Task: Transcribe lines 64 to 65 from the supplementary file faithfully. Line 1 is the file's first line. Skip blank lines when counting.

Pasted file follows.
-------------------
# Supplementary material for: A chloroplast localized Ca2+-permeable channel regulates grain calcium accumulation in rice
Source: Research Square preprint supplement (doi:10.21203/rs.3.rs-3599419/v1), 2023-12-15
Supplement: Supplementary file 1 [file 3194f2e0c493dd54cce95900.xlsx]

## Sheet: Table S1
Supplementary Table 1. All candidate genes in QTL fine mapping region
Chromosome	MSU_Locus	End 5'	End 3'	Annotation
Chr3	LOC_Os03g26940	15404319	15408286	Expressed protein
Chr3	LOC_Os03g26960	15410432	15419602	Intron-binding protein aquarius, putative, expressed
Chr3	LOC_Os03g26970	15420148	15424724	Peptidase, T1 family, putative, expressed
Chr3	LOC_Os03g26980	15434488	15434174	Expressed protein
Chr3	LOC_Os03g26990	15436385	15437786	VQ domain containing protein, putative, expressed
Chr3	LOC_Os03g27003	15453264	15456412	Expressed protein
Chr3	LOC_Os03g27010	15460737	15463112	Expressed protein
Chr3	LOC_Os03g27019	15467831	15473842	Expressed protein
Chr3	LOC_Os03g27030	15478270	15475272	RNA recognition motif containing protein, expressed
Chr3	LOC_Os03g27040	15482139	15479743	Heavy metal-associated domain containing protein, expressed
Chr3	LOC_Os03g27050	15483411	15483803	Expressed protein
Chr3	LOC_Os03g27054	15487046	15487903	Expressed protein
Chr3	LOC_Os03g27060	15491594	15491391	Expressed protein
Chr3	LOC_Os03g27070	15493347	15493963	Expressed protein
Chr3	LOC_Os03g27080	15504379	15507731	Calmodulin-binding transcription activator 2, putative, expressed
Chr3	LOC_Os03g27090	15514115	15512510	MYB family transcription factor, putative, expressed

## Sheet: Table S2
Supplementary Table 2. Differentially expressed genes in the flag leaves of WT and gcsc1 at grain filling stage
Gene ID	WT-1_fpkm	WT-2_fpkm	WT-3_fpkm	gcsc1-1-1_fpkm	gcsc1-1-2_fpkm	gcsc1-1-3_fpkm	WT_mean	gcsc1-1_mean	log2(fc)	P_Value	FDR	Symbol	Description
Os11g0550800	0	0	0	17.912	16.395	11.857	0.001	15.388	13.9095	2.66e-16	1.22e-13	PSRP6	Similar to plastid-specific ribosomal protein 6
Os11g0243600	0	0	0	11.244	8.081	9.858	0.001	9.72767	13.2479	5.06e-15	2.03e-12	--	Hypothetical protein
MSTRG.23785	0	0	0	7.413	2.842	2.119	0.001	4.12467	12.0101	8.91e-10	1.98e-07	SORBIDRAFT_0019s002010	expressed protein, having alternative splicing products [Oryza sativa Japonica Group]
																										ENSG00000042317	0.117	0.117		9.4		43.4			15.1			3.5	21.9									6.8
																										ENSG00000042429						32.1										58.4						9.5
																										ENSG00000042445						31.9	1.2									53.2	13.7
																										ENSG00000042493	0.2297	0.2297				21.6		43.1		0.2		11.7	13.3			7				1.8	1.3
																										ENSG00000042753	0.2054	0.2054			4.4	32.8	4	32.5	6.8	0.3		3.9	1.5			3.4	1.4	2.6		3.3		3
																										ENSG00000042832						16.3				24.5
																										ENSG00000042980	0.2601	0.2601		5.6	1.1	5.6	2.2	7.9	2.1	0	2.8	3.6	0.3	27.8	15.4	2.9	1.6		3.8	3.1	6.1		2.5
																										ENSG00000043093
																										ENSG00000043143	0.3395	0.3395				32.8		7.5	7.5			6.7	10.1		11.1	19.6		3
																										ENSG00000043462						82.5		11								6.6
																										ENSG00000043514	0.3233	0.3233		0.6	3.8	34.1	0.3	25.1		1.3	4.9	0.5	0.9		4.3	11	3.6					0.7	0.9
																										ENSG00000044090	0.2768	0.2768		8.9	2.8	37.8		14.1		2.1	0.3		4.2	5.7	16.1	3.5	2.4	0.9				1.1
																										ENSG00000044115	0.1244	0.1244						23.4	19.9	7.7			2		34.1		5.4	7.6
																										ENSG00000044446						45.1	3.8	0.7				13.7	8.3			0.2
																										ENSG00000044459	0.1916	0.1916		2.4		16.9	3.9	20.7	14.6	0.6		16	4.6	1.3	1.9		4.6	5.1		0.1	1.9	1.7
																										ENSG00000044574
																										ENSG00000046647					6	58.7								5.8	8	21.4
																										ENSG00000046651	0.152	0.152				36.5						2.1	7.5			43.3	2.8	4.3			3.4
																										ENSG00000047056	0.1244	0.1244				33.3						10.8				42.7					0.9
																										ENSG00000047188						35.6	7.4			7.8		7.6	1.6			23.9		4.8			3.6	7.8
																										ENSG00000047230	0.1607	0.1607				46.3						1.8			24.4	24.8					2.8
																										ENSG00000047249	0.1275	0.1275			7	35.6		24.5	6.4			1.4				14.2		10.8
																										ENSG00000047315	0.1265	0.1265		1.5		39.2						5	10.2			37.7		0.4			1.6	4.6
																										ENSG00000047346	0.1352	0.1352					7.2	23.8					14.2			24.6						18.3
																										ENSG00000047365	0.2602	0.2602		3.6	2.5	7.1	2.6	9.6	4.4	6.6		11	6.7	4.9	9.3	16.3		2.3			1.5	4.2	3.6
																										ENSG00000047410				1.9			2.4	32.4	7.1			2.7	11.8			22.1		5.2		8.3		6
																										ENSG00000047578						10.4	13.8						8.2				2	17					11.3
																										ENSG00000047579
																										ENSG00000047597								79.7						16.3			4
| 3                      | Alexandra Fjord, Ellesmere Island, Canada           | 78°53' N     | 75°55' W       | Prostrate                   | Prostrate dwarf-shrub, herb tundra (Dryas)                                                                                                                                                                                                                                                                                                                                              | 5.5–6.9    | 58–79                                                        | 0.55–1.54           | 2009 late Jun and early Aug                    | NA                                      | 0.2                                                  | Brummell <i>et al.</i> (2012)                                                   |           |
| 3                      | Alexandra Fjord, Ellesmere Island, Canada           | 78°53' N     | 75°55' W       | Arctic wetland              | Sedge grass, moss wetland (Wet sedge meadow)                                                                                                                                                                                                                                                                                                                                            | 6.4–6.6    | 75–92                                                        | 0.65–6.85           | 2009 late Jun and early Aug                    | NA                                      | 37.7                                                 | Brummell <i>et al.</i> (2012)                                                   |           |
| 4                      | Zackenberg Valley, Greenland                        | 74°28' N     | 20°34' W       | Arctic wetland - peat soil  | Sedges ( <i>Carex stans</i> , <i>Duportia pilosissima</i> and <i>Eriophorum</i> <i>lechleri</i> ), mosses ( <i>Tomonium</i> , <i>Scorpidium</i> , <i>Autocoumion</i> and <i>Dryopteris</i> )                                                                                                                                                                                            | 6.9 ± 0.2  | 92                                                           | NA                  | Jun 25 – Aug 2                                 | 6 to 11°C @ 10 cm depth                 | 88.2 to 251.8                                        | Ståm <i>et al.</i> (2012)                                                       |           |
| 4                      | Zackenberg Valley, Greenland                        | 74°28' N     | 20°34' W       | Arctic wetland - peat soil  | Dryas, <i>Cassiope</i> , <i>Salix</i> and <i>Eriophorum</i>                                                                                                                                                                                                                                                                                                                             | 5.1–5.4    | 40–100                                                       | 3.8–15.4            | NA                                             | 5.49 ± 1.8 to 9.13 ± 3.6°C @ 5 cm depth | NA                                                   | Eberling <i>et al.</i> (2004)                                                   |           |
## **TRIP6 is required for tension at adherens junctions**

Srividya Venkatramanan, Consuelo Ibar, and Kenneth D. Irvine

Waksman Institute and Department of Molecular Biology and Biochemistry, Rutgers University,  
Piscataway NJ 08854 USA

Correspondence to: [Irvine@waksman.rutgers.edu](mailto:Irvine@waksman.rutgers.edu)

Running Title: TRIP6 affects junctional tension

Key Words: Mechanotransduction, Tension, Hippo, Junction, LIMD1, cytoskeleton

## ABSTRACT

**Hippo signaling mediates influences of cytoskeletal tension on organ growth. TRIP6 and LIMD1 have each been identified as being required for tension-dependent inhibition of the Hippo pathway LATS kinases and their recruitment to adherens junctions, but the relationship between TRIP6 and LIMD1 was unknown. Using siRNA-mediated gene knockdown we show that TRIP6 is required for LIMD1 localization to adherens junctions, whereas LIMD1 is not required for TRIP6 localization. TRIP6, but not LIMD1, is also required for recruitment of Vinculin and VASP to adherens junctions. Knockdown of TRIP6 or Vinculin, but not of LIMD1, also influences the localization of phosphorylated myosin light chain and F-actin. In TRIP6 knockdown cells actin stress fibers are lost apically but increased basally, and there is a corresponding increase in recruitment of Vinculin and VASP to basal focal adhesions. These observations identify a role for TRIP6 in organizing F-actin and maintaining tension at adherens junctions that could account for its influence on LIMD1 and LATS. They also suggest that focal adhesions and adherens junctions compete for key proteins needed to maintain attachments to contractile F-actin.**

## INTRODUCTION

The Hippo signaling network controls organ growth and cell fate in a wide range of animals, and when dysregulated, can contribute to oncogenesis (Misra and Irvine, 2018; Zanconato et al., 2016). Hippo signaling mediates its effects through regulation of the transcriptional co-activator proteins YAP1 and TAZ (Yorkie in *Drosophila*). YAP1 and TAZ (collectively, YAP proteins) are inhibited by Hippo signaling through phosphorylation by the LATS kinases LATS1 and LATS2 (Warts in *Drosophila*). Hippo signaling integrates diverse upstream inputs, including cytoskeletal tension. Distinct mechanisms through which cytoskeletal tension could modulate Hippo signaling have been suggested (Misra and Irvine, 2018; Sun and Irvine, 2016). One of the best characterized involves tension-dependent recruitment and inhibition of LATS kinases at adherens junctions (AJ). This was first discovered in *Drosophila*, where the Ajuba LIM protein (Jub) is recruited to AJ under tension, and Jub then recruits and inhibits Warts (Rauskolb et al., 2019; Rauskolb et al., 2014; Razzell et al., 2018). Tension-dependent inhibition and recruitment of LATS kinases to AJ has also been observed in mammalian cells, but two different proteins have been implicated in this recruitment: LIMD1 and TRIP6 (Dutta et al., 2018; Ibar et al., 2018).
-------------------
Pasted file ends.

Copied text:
Waksman Institute and Department of Molecular Biology and Biochemistry, Rutgers University,  
Piscataway NJ 08854 USA